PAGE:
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The small intestine consists of the duodenum, the jejunum, and the ileum, which share the same wall structure formed by, from inside to outside, a mucosa, a submucosa, a muscularis interna, a muscularis externa, and a serosa. The mucosa of the small intestine, comprising simple columnar epithelium and a lamina propria, forms finger-like projections, villi, which protrude into the lumen, and deep cavities, the crypts of Lieberkühn, between the villi. The predominant cell in the epithelium is the absorptive enterocyte with microvilli on its apical membrane. Interspersed between the enterocytes are the oval, mucous goblet cells. Deep in the crypts the epithelium contains enteroendocrine cells with granules in the cell portion facing the lamina propria. The lamina propria of the small intestine consists of loose connective tissue and blood vessels, while a central lymph vessel, the lacteal, is present in the lamina propria of each villus. Large lymphoid aggregates, Peyer’s patches, occur in the submucosa throughout the intestines; M cells form part of the epithelium covering the Peyer’s patches.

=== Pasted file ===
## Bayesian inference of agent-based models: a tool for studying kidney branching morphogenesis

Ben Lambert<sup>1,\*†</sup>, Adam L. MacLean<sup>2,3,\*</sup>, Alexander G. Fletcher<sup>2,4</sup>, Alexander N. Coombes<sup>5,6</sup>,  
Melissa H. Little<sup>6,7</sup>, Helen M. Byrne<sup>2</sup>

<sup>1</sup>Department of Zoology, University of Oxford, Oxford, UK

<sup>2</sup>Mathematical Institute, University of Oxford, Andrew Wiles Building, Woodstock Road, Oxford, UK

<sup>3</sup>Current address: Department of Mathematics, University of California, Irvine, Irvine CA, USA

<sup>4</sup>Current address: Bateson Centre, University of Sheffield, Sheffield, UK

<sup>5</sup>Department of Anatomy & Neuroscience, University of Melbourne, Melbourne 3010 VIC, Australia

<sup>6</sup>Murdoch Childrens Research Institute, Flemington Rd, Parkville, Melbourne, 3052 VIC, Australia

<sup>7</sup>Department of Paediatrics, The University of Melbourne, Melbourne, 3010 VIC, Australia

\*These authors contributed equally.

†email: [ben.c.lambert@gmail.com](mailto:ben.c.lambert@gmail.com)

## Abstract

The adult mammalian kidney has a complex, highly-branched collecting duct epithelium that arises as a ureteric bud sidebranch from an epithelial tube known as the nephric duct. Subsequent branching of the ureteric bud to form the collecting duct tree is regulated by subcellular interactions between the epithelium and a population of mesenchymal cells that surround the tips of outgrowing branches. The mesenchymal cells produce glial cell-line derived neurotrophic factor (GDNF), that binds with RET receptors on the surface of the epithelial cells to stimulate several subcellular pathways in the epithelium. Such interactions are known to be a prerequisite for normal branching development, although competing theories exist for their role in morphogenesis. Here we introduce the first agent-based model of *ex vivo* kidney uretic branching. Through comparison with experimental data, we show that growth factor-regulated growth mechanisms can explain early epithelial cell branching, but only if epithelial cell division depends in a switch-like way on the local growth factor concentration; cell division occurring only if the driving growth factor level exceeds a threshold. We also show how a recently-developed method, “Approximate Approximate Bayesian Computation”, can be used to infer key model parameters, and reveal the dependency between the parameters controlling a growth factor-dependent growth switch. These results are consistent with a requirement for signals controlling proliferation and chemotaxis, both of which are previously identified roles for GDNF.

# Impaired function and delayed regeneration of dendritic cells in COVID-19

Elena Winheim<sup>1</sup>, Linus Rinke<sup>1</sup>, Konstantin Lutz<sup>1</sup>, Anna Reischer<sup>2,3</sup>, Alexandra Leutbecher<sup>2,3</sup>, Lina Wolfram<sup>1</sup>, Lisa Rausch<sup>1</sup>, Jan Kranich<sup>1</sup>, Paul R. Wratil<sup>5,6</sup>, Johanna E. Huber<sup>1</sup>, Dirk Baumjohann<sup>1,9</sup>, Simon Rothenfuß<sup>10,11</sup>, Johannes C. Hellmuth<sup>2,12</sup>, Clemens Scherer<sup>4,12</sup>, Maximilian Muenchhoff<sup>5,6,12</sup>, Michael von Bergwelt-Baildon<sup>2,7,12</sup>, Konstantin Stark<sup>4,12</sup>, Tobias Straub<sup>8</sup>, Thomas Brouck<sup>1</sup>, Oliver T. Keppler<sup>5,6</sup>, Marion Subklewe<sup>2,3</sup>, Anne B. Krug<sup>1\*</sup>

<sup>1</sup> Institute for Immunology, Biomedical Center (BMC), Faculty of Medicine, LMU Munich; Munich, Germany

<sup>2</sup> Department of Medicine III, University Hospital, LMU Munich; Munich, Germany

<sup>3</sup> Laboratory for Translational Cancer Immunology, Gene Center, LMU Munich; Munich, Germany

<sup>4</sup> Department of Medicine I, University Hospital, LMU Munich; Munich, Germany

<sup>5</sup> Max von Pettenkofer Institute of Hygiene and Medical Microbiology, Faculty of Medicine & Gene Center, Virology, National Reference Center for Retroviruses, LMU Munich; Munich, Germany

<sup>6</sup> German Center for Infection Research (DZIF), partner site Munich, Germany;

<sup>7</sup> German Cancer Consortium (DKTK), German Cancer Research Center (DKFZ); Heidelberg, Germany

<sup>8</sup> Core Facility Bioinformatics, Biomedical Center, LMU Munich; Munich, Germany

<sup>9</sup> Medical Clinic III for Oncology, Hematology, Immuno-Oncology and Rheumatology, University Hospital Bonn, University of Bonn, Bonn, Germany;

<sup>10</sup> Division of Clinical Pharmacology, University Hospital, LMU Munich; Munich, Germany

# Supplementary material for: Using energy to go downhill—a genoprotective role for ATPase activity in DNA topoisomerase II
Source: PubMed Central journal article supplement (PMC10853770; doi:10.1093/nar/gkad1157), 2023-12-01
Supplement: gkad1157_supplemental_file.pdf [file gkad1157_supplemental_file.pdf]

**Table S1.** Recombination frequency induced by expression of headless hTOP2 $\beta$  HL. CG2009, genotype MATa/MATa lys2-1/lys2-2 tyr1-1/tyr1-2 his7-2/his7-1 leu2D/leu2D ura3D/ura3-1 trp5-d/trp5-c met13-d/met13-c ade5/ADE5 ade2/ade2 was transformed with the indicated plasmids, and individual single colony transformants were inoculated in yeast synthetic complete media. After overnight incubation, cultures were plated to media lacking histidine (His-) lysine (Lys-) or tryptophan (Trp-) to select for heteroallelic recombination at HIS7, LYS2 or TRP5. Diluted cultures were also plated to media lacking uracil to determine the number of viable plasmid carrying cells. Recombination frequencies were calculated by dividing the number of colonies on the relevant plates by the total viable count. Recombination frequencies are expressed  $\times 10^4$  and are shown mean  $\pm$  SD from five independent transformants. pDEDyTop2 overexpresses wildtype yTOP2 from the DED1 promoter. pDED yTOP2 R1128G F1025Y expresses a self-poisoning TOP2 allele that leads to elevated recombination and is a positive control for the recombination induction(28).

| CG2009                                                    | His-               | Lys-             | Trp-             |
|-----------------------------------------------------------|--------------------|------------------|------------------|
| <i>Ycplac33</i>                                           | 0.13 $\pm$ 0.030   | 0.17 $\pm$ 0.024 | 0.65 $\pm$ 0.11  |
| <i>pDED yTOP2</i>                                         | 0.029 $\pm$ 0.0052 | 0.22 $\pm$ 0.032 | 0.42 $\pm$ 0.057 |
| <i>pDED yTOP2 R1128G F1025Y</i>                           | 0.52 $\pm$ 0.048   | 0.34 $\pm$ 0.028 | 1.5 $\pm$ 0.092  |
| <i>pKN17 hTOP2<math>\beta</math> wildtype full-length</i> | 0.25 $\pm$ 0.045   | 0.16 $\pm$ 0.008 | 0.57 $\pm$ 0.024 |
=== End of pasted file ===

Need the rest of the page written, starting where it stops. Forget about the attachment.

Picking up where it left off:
The jejunum and ileum are histologically identical, except for their villi and the presence of Paneth cells. The villi of the jejunum are tall and cylindrical, while they are short and cylindrical in the ileum. Paneth cells have eosinophilic cytoplasmic granules and occur in clusters at the bases of crypts. In the mouse, the Paneth cells are especially found in the jejunum and have very prominent granules.
The micrographs present a section of the jejunum. In the 4X and 10X micrographs a submucosal Peyer’s patch is visible. Together the 4X, 10X, and 20X micrographs show the various components of the jejunal wall. The 40X micrograph depicts the Paneth cells, which are characteristic of the mouse jejunum. The 40X micrograph also shows several cells in mitosis, indicative of the continuous cell proliferation in the intestinal crypts.
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